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Real improvements for workers in Mexico

The labour movement is both a beneficiary and an active participant in Mexico’s transformation under Amlo, writes DAVID RABY

IN ADDITION to health, welfare and education, Mexican President Andres Manuel Lopez Obrador ’s 4T Transformation is bringing real improvements for organised labour and for workers in general.

While visiting the country recently I was able to talk to Miners Union leader and Morena party Senator Napoleon Gomez Urrutia, who has been at the forefront of the struggle for workers’ rights and union democracy.

For decades most unions in Mexico were notoriously corrupt and manipulated by the governing party. 

The Miners Union was one of the few independent organisations, and Gomez Urrutia was forced to leave for Canada where he led the union from exile for nine years until Amlo, on becoming president in 2018, invited him back.

Gomez Urrutia, who visited Britain and met Jeremy Corbyn and TUC leaders in 2017, has led successful campaigns for reforms since becoming a senator.

He regards the law to ban fraudulent outsourcing or subcontracting, which took effect in September 2021 after a two-year legislative battle, as the most important reform of all. 

As in many countries including Britain, neoliberals had dismantled legal protections, allowing companies to outsource activities and thereby deprive unionised workers of contractual conditions and benefits.

In Mexico it had become standard practice to lay off workers in November to avoid paying their Christmas bonus and also deprive them of social security benefits, and then rehire them in January. 

The proposal to outlaw this abusive practice inevitably met fierce corporate hostility, backed by opposition parties and even some in Morena (bureaucrats in some government departments used the practice against civil servants). 

After much discussion the law was passed: employers are not allowed to outsource their main economic activity, only specific ancillary functions (like catering for a manufacturing company), and unless these functions are clearly temporary, these workers must also have appropriate contractual rights.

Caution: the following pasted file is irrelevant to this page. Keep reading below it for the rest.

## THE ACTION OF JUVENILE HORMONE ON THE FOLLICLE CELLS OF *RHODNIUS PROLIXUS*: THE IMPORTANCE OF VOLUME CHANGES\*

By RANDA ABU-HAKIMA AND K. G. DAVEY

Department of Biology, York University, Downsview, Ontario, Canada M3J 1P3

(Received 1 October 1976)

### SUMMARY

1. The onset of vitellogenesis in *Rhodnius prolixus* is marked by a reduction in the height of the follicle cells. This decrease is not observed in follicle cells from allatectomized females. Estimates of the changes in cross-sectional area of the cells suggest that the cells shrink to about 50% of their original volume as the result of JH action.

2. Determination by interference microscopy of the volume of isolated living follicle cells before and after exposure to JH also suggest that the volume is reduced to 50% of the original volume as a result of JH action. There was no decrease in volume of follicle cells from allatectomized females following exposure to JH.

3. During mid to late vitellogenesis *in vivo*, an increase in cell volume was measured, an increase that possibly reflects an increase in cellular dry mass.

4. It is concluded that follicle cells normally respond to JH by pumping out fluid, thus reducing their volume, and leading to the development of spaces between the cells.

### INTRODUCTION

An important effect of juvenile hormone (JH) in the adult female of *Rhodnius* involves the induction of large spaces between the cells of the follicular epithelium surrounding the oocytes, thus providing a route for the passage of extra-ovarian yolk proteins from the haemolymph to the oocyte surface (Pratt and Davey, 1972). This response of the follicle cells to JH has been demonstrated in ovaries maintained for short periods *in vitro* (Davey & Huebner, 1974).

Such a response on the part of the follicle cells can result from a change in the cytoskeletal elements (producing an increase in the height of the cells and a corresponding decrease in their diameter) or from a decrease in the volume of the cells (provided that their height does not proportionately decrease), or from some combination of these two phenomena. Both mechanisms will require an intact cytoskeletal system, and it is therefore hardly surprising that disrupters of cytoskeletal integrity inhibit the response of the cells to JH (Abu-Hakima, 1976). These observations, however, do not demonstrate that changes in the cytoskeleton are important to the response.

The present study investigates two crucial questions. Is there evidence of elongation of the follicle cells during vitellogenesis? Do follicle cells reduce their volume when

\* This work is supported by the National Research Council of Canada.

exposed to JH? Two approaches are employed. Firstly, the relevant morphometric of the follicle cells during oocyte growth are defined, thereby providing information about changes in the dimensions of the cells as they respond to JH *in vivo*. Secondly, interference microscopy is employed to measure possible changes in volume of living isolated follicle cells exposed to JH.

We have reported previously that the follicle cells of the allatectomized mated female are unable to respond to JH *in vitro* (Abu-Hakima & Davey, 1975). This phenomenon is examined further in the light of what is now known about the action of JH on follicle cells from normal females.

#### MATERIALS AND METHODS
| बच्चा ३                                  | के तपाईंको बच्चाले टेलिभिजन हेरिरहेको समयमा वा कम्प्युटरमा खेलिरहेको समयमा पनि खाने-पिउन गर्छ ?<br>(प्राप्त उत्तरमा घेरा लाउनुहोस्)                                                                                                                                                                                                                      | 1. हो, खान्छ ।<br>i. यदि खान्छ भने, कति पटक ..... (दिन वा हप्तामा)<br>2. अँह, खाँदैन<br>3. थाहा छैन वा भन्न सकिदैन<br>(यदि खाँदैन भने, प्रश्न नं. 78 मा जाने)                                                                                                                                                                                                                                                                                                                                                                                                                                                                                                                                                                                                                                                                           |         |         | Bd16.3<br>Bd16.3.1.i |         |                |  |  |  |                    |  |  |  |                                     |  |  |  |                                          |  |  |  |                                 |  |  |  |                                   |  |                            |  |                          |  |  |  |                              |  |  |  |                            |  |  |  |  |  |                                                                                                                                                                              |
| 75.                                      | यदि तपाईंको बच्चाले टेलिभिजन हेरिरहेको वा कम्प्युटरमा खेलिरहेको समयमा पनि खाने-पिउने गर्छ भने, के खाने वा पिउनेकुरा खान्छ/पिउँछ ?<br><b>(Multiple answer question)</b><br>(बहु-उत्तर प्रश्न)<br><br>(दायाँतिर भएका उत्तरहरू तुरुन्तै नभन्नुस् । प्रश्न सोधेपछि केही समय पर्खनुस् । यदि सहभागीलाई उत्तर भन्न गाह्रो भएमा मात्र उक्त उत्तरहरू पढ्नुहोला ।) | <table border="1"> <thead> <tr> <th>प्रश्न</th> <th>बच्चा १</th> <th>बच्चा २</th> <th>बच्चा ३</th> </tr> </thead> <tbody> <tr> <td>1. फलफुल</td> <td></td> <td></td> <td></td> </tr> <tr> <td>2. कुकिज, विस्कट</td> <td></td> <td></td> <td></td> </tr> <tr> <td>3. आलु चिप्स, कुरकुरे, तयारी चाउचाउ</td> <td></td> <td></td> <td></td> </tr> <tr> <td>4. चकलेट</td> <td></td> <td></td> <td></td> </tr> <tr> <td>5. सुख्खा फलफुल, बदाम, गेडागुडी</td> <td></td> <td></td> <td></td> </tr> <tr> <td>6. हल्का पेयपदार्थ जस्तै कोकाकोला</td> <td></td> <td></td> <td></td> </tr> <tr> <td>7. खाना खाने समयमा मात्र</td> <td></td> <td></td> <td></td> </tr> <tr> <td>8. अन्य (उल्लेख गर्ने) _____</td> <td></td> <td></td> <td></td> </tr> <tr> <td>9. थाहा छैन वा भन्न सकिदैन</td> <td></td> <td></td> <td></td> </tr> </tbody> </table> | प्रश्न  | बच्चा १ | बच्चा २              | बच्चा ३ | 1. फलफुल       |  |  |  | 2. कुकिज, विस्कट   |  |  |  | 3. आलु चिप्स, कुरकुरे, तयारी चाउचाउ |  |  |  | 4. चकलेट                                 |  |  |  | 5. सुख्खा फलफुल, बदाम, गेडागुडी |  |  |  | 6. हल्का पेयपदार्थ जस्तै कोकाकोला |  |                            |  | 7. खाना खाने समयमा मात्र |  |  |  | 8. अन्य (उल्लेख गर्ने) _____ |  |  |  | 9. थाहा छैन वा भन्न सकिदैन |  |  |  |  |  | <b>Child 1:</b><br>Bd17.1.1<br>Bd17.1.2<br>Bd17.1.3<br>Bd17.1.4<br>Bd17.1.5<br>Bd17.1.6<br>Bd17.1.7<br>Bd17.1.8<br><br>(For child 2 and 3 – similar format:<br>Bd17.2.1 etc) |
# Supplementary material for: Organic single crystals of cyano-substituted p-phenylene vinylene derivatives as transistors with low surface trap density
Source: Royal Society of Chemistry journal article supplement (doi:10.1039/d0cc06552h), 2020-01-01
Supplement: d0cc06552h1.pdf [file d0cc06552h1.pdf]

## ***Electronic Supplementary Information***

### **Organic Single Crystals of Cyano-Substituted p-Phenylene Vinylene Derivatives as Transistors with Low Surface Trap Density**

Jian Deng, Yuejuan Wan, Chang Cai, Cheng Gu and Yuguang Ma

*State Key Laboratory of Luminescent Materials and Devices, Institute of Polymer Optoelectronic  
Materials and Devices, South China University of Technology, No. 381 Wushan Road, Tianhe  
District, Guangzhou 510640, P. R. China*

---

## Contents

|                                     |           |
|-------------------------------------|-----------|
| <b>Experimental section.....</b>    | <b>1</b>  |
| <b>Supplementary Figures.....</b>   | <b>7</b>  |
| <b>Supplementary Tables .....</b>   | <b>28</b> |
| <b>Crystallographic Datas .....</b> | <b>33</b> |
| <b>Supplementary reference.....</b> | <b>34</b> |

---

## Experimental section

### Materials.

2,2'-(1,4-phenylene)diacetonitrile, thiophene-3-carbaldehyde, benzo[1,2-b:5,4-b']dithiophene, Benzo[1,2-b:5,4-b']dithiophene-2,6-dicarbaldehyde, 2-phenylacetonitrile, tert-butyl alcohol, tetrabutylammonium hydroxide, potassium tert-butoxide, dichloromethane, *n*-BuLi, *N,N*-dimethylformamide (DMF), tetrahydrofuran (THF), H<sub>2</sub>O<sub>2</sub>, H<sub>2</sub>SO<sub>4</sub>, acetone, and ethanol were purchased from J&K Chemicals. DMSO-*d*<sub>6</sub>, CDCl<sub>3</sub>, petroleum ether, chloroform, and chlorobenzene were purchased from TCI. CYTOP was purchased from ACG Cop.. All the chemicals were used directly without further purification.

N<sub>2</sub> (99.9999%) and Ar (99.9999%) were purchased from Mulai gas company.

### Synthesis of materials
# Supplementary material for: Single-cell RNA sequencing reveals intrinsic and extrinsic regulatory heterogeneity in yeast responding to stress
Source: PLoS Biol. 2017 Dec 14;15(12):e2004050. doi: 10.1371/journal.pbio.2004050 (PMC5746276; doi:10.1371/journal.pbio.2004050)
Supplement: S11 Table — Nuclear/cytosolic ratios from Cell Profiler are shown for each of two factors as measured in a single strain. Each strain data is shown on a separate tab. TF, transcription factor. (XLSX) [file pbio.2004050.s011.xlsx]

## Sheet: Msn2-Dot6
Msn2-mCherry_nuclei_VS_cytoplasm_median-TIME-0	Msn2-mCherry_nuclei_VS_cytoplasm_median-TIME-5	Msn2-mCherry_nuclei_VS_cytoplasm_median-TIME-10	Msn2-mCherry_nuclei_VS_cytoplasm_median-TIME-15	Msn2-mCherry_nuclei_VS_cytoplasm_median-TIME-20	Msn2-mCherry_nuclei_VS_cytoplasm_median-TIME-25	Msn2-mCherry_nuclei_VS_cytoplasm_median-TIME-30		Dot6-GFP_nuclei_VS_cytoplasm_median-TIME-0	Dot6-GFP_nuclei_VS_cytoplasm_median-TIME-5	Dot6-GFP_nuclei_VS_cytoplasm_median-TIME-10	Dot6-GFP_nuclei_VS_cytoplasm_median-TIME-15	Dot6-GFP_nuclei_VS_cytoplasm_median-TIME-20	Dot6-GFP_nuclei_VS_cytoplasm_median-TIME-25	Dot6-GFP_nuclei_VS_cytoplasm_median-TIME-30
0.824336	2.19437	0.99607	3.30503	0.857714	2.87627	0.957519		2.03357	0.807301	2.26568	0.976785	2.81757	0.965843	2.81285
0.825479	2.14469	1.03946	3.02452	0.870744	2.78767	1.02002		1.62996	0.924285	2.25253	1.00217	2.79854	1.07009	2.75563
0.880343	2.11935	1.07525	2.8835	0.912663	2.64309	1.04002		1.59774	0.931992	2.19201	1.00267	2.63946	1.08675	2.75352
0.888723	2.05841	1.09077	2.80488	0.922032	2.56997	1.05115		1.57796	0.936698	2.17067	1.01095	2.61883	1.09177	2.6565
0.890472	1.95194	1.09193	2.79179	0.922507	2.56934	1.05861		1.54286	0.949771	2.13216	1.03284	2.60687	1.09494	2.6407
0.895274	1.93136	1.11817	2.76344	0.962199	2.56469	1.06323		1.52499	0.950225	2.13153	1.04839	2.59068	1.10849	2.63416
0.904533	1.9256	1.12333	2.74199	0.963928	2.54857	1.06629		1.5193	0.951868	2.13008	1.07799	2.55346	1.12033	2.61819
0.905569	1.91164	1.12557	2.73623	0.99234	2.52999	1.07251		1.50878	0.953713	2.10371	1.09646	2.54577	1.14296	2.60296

Implementation of the law is a constant battle, but Gomez Urrutia points out that since it came into force the number of workers registered with the Social Security Institute (in other words, with permanent formal benefits) has increased by 3.5 million. 

Union democracy is also now guaranteed in law, with elections supervised by the Labour Ministry, thus ending bribery and corruption which were previously the norm in most unions whose leaders were nicknamed charros (cowboys).

Free collective bargaining and union rights were included for the first time in the new Mexico-US-Canada Trade Agreement, signed in July 2020. 

The Morena government’s pro-labour policy is also producing results in important legacy conflicts, of groups of workers unjustly treated in previous disputes. 

Thus when the public electricity utility Luz y Fuerza del Centro, supplying most of central Mexico, was shut down and its services privatised in 2009, thousands of workers were denied compensation. 

Amlo’s government has now negotiated a deal to provide for surviving workers and their families. 

Another such legacy conflict involves Gomez Urrutia’s Miners Union and workers at Cananea, a mining town near the US border. Linked with a famous 1906 dispute which helped pave the way for Mexico’s historic revolution, Cananea still has problems and the current dispute dates from 2006.

Section 65 of the Miners Union went on strike in 2006 against Grupo Mexico, a company whose boss, German Larrea, owns numerous mining and related businesses and is notorious for his union-busting practices.

Larrea is also in dispute with the Miners Union in two current conflicts (at Taxco and Sombrerete). But possibly the most serious dispute concerns responsibility for the abandonment of 65 coalminers in the Pasta de Conchos disaster in 2006. 

Following a gas explosion, efforts to rescue the miners were prematurely abandoned on Larrea’s orders when only two of the 65 had been retrieved; everything suggests that the rest might well have been saved, but they were left for dead and to this day their bodies have not been recovered. 

The Miners Union under Gomez Urrutia continues to pursue this as a case of corporate manslaughter, and Amlo has agreed to a new publicly funded effort to recover the bodies 15 years later. 

These legacy disputes have enormous significance for the trade union movement, but most important is a future based on recognition of rights for all workers. 

The legal requirement of democratic elections recently led to an independent union gaining recognition at a big General Motors plant in Guanajuato state, and the right of domestic workers to organise and to receive social security benefits has just been confirmed by a cross-party Mexican Senate committee chaired by Gomez Urrutia. 

The labour movement is both a beneficiary and an active participant in Mexico’s transformation under Amlo and is now actively involved in the campaign against corruption which the president regards as the country’s greatest evil.

David Raby is a retired academic and independent researcher on Latin America. He can be reached at [email protected] and on Twitter @DLRaby.

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